Home > News > Lori Loughlin sentenced to 2 months in prison in college admissions scam. Her husband, Mossimo Giannulli, got 5 months

Lori Loughlin sentenced to 2 months in prison in college admissions scam. Her husband, Mossimo Giannulli, got 5 months

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The actress Lori Loughlin was sentenced to two months in prison on Friday for her role in the college admissions scandal, a fate she and her husband, Mossimo Giannulli, initially tried to avoid after they were charged by federal authorities.

The sentencing brings an end to the saga for Loughlin and Giannulli, arguably the parents with the highest profiles who admitted to paying the scheme’s mastermind, William Rick Singer, $500,000 to get both their daughters into the University of Southern California.

[Previous story, published at 1:08 p.m. ET]

Mossimo Giannulli was sentenced to five months in prison on Friday for his role in the college admissions scandal, just a few hours before his wife, the famed actress Lori Loughlin, was expected to learn her own fate.

Giannulli, a fashion designer, also faces two years of supervised release, a $250,000 fine and 250 hours of community service, according to the US Attorney for the District of Massachusetts. Giannulli must surrender to the US Bureau of Prisons before 2 p.m. on November 19.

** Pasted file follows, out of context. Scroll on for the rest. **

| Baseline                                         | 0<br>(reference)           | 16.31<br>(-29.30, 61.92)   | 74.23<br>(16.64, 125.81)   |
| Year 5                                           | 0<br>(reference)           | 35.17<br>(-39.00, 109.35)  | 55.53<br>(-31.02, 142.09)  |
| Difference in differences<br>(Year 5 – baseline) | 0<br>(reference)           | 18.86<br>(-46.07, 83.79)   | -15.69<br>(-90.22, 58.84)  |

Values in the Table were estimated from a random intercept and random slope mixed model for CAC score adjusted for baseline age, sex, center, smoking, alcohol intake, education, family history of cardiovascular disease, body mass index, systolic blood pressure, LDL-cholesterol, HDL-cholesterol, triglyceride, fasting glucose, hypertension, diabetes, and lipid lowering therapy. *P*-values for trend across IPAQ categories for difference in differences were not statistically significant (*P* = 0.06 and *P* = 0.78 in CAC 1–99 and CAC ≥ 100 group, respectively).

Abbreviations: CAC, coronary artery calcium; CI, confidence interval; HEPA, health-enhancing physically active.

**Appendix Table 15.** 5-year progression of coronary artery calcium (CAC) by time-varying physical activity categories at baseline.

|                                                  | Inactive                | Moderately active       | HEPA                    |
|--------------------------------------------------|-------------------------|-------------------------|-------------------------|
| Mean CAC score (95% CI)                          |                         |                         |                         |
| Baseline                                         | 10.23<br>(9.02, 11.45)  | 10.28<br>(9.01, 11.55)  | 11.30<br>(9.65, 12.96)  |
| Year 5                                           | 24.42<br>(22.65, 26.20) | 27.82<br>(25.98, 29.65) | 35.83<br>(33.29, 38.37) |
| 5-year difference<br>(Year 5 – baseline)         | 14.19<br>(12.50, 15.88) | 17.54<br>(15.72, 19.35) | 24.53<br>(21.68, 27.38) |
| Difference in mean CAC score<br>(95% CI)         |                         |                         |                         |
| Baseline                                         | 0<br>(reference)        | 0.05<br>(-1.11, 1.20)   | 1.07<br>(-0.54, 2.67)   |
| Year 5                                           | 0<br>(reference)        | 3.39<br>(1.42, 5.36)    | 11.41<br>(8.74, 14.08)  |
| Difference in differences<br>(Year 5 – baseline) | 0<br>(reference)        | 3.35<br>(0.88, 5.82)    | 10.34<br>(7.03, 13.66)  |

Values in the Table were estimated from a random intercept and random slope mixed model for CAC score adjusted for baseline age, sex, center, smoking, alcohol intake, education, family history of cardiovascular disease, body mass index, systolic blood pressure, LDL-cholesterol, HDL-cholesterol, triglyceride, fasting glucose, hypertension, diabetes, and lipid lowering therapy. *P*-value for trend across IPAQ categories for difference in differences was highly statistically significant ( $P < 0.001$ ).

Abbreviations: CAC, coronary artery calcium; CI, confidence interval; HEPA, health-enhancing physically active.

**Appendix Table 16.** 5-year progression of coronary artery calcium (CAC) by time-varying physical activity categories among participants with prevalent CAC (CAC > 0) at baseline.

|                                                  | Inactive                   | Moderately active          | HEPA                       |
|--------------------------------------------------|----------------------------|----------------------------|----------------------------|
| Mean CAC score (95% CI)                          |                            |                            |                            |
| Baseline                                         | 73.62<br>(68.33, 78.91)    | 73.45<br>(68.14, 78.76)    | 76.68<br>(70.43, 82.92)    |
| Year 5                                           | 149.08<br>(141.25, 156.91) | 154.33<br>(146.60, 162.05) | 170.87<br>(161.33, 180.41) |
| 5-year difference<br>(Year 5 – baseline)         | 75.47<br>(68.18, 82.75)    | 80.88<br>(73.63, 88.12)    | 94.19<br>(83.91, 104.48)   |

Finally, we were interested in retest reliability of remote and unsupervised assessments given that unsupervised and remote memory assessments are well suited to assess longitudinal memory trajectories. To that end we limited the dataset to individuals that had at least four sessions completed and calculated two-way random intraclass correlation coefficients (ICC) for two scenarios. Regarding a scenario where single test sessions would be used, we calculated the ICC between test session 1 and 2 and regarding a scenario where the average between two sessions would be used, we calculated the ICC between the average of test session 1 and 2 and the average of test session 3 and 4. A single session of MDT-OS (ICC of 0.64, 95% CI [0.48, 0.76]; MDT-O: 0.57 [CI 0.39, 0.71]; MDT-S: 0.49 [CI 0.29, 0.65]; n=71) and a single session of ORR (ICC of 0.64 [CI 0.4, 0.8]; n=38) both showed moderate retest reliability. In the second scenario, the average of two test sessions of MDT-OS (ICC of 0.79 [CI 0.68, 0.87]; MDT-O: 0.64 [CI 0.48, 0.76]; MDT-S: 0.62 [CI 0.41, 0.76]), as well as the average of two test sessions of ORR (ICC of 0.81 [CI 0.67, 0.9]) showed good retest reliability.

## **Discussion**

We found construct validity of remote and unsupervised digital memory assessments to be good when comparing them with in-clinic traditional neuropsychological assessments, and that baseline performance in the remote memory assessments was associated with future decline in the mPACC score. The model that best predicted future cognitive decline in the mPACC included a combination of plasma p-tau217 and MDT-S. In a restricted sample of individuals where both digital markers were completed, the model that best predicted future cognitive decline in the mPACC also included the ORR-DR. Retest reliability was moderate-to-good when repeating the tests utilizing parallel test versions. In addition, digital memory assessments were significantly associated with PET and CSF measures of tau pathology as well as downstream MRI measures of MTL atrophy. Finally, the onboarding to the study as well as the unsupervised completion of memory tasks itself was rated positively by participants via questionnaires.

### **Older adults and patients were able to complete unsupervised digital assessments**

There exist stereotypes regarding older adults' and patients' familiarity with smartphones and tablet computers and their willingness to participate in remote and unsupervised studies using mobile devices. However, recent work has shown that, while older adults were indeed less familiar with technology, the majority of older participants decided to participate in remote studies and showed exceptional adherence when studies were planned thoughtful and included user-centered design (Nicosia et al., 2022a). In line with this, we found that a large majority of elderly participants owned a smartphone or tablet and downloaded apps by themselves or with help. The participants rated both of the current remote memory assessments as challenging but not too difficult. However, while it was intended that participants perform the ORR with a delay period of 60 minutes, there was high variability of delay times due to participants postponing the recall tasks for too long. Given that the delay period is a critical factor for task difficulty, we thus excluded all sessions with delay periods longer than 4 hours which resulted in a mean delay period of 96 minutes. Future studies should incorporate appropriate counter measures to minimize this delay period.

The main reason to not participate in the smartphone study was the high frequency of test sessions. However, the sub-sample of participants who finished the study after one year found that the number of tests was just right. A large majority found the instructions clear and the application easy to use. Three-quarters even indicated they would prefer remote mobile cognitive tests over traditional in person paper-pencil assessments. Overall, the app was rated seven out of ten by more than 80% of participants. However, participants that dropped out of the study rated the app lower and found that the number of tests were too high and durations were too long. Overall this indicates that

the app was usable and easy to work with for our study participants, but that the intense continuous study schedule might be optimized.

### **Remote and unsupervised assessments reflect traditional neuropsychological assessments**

Lori Loughlin and Felicity Huffman are two contrasting faces in the college admissions scam

“I deeply regret the harm that my actions have caused my daughters, my wife and others,” said Giannulli, who wore a suit and tie during his virtual sentencing hearing. “I take full responsibility for my conduct. I’m ready to accept the consequences and move forward with the lessons I’ve learned from this experience.”

Friday’s sentencings will bring an end to the saga for Giannulli and Loughlin, who became the face of the college admissions scandal and is arguably the parent with the highest profile who admitted to paying the scheme’s mastermind, William Rick Singer, $500,000 to get both their daughters into the University of Southern California.
Loughlin, a TV star who played Aunt Becky on the sitcom “Full House,” and Giannulli plead guilty to conspiracy charges, taking advantage of what Singer referred to as his “side door” into the university by creating fake profiles for the girls and passing them off as recruits on the crew team.
Loughlin and Giannulli were among the defendants who initially pleaded not guilty and were willing to roll the dice in court. But the couple changed their pleas in May and hammered out a deal with prosecutors. Loughlin pleaded guilty to conspiracy to commit wire and mail fraud, and Giannulli pleaded guilty to conspiracy to commit wire and mail fraud and honest services wire and mail fraud.